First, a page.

The Reporters Committee for Freedom of the Press and 19 other media organizations filed a friend-of-the-court brief Tuesday asking the U.S. Supreme Court to reverse a lower court ruling that denied a federal Freedom of Information Act request for documents regarding ammunition storage procedures at a Washington state Naval base.
The brief argues that the U.S. Court of Appeals for the Ninth Circuit (San Francisco) erred when it sanctioned the Navy’s refusal to disclose the requested information, citing a broad reading of Exemption 2 to FOIA known as a “High 2” exemption.
Glenn Scott Milner, a Puget Sound resident and member of a community organization dedicated to raising awareness of the potential dangers of the Navy’s munition storage practices, submitted FOIA requests for information and maps outlining ammunition blast zones as well as safety and instructional documents for maritime traffic around explosive handling zones on Naval Magazine Indian Island.
Milner filed suit after the Navy withheld certain documents because it claimed their disclosure could threaten the security of the base and surrounding community if that information fell into criminal or terrorist hands.
“Mr. Milner’s lawsuit is an important challenge to the trend toward the arbitrary use of the “High 2″ exemption by the government,” said Lucy A. Dalglish, executive director of the Reporters Committee for Freedom of the Press. “While the navy speculates the release of the information could cause harm, there is no question local residents will be better able to protect their families if they know the scope of the danger presented by the neighboring ammunition magazine.”
In the court below, Judge William A. Fletcher filed a dissenting opinion. While not wholly discounting the propriety of the government invoking a “High 2” exemption, Judge Fletcher took issue with applying “High 2” withholdings on the grounds that some unknown third party posed a potential danger to agency operations or security. Judge Fletcher also noted that previous FOIA requests by Milner for comparable information from a nearby Naval base were readily provided to him. However, in the case of the Indian Island facility, which sits slightly more than a mile over open water from the nearest town, access was denied.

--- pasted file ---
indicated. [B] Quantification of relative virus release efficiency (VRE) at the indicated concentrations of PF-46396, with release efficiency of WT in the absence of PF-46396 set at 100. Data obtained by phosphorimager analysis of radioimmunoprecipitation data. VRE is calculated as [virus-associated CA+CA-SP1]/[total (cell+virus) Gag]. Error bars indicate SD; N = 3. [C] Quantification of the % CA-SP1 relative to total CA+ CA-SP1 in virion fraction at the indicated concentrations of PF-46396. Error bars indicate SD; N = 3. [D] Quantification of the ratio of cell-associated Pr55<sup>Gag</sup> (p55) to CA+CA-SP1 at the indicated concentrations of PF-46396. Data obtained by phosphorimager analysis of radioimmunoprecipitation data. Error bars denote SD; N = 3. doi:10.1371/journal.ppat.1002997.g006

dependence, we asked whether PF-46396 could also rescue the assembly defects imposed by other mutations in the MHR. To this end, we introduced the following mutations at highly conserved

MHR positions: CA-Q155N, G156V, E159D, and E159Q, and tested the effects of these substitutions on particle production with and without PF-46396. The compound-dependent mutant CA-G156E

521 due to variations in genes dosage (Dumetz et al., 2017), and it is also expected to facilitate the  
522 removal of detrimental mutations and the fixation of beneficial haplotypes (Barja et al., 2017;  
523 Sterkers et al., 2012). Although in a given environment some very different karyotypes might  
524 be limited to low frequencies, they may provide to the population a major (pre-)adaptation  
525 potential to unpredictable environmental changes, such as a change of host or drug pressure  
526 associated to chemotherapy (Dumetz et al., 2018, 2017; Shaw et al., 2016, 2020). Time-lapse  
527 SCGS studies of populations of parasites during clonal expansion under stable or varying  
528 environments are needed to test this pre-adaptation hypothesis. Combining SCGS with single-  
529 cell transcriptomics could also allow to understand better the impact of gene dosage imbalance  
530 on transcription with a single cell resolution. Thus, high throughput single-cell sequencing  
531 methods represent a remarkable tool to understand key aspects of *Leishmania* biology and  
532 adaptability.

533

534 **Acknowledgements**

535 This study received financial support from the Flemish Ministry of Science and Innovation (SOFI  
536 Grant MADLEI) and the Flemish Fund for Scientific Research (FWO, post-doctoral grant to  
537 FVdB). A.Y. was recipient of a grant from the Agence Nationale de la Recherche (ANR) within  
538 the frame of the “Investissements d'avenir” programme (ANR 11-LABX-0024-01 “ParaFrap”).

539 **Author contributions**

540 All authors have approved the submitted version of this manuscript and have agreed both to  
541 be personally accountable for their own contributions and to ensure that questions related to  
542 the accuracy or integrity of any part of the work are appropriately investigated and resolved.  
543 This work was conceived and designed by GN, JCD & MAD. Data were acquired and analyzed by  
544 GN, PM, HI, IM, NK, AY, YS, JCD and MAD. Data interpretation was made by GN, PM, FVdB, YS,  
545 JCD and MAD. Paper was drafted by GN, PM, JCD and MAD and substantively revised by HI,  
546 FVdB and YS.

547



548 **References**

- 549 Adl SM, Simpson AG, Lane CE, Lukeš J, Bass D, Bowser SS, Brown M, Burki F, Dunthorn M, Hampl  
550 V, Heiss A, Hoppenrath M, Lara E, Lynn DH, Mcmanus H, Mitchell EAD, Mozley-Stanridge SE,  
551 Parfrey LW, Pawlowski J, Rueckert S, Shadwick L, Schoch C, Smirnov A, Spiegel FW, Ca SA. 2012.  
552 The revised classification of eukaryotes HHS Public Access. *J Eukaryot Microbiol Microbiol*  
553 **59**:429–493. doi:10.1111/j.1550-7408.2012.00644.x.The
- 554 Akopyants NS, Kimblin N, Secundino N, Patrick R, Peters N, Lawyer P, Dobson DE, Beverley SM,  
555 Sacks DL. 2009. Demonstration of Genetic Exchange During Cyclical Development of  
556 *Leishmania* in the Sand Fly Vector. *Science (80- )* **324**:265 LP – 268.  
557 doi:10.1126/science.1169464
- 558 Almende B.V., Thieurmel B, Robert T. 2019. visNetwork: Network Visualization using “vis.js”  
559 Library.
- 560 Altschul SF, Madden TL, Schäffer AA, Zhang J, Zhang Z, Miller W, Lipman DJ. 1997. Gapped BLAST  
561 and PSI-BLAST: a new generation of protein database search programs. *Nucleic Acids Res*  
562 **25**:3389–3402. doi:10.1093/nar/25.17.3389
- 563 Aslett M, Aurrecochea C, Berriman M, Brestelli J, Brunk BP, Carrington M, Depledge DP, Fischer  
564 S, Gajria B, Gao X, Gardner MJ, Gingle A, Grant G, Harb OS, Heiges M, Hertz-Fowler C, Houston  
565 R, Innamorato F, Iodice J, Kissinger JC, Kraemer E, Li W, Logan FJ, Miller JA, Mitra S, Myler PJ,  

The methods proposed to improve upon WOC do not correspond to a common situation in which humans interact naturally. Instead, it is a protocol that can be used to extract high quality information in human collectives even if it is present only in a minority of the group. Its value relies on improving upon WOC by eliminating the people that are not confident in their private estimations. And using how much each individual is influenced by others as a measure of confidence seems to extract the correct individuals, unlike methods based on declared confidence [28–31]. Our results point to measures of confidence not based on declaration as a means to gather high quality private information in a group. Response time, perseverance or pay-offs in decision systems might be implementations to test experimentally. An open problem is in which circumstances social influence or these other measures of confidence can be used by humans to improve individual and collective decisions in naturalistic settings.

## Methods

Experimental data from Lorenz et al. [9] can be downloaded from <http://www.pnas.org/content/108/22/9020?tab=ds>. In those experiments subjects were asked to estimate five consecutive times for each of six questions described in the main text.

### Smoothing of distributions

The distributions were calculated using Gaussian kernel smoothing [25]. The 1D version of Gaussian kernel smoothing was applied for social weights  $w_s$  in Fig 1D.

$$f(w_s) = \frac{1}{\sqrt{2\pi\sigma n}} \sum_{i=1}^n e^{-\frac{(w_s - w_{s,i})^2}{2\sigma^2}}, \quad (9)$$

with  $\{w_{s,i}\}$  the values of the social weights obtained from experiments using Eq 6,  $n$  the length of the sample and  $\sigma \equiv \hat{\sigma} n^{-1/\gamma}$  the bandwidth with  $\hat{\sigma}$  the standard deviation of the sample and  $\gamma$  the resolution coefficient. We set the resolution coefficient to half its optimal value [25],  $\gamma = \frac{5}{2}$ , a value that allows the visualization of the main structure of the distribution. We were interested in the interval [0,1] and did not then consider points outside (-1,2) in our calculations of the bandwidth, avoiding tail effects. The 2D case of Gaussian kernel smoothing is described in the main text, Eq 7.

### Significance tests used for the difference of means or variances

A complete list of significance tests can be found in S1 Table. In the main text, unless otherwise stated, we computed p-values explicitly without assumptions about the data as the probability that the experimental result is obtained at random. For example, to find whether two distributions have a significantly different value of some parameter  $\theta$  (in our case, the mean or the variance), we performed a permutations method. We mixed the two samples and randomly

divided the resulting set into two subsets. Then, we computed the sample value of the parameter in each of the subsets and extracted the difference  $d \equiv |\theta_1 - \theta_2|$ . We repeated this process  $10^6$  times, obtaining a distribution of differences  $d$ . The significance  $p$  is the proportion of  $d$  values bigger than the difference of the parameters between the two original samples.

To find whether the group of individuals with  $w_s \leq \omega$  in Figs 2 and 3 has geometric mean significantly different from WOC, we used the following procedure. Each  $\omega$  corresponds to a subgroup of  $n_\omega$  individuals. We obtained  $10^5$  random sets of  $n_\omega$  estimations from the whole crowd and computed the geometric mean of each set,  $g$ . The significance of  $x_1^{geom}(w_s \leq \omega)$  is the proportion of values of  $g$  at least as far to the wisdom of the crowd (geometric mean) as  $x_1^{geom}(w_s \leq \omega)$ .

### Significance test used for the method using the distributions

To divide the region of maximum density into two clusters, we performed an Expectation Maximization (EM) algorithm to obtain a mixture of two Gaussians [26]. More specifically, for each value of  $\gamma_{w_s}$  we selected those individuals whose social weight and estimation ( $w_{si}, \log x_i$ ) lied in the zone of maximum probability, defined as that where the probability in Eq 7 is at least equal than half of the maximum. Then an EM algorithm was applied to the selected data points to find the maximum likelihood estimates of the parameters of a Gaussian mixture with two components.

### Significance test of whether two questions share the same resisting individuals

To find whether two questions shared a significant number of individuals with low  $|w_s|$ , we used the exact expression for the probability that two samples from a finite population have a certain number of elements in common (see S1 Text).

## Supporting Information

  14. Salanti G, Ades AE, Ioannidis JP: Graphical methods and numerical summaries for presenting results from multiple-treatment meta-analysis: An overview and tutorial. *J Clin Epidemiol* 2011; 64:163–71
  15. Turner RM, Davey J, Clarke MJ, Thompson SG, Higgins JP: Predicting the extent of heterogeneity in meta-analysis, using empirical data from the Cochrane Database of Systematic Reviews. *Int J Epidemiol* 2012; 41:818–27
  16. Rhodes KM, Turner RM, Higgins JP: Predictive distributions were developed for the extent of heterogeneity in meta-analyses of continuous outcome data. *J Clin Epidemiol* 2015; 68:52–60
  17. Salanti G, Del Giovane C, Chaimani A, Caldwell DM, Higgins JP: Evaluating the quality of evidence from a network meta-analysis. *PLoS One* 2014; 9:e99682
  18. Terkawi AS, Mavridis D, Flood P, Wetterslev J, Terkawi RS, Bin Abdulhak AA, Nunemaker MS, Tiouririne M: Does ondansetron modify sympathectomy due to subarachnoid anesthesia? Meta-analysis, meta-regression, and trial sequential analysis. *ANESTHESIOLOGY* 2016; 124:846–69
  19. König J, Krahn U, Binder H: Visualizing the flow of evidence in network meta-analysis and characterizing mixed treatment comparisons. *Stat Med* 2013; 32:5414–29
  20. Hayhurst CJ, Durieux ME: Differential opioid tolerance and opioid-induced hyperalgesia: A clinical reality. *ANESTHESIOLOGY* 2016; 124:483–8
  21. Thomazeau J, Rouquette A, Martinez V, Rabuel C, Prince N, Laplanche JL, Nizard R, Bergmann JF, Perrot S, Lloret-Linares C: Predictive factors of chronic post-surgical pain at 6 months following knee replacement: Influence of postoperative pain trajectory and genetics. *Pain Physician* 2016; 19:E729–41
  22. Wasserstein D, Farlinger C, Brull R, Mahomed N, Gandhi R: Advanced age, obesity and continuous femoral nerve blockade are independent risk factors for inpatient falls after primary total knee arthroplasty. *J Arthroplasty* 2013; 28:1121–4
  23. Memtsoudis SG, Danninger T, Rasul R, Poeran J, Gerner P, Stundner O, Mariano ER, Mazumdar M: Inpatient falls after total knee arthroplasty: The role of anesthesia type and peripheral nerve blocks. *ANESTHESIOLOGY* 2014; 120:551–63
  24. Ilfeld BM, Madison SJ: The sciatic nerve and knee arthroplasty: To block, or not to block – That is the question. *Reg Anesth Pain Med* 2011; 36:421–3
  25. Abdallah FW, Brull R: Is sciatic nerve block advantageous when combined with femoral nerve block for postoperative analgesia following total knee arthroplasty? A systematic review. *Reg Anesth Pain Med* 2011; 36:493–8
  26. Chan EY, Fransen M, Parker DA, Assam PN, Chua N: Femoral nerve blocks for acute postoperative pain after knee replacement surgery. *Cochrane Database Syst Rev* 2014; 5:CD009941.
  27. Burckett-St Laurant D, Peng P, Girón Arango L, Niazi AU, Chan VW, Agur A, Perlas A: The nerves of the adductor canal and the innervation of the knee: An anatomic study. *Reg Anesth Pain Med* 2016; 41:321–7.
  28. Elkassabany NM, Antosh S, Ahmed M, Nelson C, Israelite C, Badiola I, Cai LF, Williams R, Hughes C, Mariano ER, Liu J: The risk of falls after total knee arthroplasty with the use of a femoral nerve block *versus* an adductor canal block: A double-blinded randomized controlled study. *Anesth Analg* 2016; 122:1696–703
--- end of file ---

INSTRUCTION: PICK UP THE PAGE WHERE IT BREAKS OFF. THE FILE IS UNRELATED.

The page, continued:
The media groups asked the Supreme Court to overturn the lower court’s decision, arguing that the ever-expanding reading of Exemption 2 to FOIA has “led to unchecked discretion on the part of the federal agencies in processing requests.” This gradual expansion, and the unbridled discretion it has imparted in agencies, has reduced FOIA to the very statute it was designed to replace, the media argued. Prior law allowed an agency to withhold records when it deemed it proper to do so in the “public interest.”
The media also presented the court with numerous examples of news stories that have used records regarding chemical, nuclear and biological agent storage as well as infrastructure records to expose safety lapses and the resulting threats such lapses pose to local communities. If the U.S. Supreme Court upholds the broad reading given Exemption 2 by the lower court, the public potentially stands to lose the benefit of such reporting as those records may be withheld on similar bases as was the ammunition blast information, the brief stated.
The brief was submitted by the Reporters Committee, ALM Media LLC, the American Society of News Editors, The Associated Press, Bloomberg L.P., Cable News Network Inc., The Citizen Media Law Project, Dow Jones & Company Inc., The E.W. Scripps Company, the First Amendment Coalition, the First Amendment Project, the National Press Club, the National Press Photographers Association, Newspaper Association of America, The Newspaper Guild – CWA, NPR Inc., the Radio Television Digital News Association, the Society of Professional Journalists, Tribune Company and the Washington Post.